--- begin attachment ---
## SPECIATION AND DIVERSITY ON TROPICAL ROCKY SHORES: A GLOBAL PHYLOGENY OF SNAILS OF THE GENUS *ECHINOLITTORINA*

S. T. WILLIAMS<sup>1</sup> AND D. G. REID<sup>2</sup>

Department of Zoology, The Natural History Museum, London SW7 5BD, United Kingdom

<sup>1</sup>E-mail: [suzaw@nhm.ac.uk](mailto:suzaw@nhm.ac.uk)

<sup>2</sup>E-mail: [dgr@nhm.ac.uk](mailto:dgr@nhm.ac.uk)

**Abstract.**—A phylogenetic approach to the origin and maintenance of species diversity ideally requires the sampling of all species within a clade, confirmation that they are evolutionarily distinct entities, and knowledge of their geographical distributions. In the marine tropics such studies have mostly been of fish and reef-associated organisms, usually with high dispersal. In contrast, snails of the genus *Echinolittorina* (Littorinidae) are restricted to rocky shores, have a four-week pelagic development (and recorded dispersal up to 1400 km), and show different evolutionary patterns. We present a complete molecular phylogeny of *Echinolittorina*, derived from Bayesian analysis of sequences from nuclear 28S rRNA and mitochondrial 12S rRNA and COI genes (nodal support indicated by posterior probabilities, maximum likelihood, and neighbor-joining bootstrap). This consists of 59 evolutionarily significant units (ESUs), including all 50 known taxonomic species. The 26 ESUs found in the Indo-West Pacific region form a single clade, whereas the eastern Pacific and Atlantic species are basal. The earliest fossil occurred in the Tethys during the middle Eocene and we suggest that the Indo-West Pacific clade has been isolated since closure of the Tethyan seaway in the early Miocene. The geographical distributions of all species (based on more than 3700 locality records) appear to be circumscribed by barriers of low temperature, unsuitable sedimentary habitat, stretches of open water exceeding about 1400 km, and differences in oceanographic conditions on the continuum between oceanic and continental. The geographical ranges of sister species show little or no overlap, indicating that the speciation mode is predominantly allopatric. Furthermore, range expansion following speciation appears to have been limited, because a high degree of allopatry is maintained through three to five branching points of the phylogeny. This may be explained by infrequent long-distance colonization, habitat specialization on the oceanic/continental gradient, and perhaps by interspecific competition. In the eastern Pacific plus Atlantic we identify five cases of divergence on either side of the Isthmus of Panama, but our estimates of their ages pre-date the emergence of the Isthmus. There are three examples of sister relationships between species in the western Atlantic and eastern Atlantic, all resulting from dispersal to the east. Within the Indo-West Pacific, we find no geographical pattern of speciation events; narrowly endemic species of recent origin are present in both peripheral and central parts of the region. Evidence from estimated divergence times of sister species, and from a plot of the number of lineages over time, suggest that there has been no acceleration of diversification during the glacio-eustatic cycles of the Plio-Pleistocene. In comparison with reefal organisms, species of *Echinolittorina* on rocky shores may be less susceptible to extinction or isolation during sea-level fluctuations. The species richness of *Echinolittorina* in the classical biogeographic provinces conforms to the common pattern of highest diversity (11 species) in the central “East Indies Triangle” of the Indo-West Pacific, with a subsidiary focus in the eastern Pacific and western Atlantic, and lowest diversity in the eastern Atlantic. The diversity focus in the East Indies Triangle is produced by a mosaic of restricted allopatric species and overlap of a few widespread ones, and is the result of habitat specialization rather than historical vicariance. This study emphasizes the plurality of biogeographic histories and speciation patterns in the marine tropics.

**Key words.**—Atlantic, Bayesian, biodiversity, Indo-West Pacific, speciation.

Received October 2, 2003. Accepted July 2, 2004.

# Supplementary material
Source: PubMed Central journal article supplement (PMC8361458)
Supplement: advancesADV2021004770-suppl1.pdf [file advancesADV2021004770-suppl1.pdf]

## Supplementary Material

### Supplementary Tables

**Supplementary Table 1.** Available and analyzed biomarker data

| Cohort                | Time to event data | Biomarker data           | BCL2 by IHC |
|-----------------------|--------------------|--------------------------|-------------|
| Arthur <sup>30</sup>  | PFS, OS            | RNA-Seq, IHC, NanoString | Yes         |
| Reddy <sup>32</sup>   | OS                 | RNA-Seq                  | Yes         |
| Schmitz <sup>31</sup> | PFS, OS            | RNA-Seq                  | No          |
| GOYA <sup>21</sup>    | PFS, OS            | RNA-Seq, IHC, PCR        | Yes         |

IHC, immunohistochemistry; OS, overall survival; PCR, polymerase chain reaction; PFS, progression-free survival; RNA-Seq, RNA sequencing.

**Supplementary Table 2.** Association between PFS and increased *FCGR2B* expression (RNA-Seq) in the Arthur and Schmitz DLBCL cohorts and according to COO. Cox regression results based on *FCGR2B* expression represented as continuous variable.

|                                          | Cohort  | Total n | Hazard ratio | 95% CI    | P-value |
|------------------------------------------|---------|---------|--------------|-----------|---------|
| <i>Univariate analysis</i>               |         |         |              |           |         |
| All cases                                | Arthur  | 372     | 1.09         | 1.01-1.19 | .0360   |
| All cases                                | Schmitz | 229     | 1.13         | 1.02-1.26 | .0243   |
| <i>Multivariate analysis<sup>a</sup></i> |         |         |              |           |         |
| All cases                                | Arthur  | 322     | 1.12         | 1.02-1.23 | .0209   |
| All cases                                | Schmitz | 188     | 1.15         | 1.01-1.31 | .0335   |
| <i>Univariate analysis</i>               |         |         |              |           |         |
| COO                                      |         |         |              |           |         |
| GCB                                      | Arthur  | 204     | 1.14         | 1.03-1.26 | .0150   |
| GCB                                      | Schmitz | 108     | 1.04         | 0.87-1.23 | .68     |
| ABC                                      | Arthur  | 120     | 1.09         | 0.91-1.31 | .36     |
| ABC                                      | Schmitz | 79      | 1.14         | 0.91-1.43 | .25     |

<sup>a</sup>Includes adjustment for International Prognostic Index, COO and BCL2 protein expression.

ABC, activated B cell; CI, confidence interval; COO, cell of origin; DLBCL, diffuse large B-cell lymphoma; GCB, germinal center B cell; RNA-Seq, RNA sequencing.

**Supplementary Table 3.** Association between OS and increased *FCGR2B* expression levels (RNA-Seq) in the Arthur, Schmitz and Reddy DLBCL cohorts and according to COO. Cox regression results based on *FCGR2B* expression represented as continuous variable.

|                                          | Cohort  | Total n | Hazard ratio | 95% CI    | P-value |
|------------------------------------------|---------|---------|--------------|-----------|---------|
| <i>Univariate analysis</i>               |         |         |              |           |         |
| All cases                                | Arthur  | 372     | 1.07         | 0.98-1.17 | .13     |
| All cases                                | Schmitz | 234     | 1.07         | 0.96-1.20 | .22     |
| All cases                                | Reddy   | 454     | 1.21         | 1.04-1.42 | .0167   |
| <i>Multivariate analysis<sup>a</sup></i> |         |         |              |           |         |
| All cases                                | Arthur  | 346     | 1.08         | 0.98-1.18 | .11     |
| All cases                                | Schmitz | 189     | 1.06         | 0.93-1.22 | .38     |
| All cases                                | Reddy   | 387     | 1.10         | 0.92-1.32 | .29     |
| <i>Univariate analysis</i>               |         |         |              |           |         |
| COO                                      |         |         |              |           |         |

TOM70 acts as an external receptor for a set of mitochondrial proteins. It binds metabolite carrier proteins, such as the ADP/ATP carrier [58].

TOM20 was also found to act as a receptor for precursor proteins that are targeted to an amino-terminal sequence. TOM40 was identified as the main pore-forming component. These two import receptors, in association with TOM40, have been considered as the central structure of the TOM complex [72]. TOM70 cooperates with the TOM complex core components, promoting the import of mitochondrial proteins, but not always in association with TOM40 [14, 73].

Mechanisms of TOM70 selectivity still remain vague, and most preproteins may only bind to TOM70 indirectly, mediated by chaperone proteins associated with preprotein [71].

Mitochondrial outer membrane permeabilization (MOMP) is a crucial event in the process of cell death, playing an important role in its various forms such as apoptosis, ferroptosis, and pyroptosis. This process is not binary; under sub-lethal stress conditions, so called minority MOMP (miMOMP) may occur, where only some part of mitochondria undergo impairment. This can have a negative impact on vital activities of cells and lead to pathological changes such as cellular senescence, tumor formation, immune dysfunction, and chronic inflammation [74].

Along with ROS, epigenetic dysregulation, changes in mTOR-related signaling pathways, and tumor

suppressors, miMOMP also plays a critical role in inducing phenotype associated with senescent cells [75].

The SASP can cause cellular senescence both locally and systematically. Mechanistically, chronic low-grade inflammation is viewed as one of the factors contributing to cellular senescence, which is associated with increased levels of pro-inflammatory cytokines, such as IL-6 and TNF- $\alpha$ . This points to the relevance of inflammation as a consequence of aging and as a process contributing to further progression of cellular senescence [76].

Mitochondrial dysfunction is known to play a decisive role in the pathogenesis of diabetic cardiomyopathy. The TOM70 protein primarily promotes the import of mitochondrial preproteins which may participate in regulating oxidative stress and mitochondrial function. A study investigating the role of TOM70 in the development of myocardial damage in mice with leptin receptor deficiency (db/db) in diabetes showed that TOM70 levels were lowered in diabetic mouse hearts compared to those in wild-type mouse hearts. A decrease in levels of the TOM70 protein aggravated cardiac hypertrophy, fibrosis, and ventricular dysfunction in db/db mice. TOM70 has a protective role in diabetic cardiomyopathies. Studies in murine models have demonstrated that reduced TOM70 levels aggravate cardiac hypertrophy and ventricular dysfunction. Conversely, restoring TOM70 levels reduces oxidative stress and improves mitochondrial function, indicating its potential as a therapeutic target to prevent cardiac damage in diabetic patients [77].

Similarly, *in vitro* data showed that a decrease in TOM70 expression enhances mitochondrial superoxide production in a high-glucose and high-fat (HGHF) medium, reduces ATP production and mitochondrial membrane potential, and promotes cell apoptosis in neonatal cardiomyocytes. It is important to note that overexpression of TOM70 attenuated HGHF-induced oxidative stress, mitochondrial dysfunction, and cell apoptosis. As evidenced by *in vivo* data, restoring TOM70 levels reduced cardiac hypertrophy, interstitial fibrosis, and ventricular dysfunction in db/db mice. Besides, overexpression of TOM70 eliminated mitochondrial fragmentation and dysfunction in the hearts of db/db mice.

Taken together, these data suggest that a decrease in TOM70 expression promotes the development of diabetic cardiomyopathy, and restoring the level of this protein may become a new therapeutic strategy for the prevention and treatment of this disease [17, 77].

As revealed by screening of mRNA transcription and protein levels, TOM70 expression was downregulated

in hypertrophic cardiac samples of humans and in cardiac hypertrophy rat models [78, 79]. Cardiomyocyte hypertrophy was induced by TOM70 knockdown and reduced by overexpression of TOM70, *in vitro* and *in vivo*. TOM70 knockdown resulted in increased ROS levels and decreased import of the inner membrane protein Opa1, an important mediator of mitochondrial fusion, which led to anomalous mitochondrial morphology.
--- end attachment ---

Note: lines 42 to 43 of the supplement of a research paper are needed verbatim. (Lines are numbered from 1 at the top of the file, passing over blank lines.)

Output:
| <i>Univariate analysis</i>               |         |         |              |           |         |
| All cases                                | Arthur  | 372     | 1.07         | 0.98-1.17 | .13     |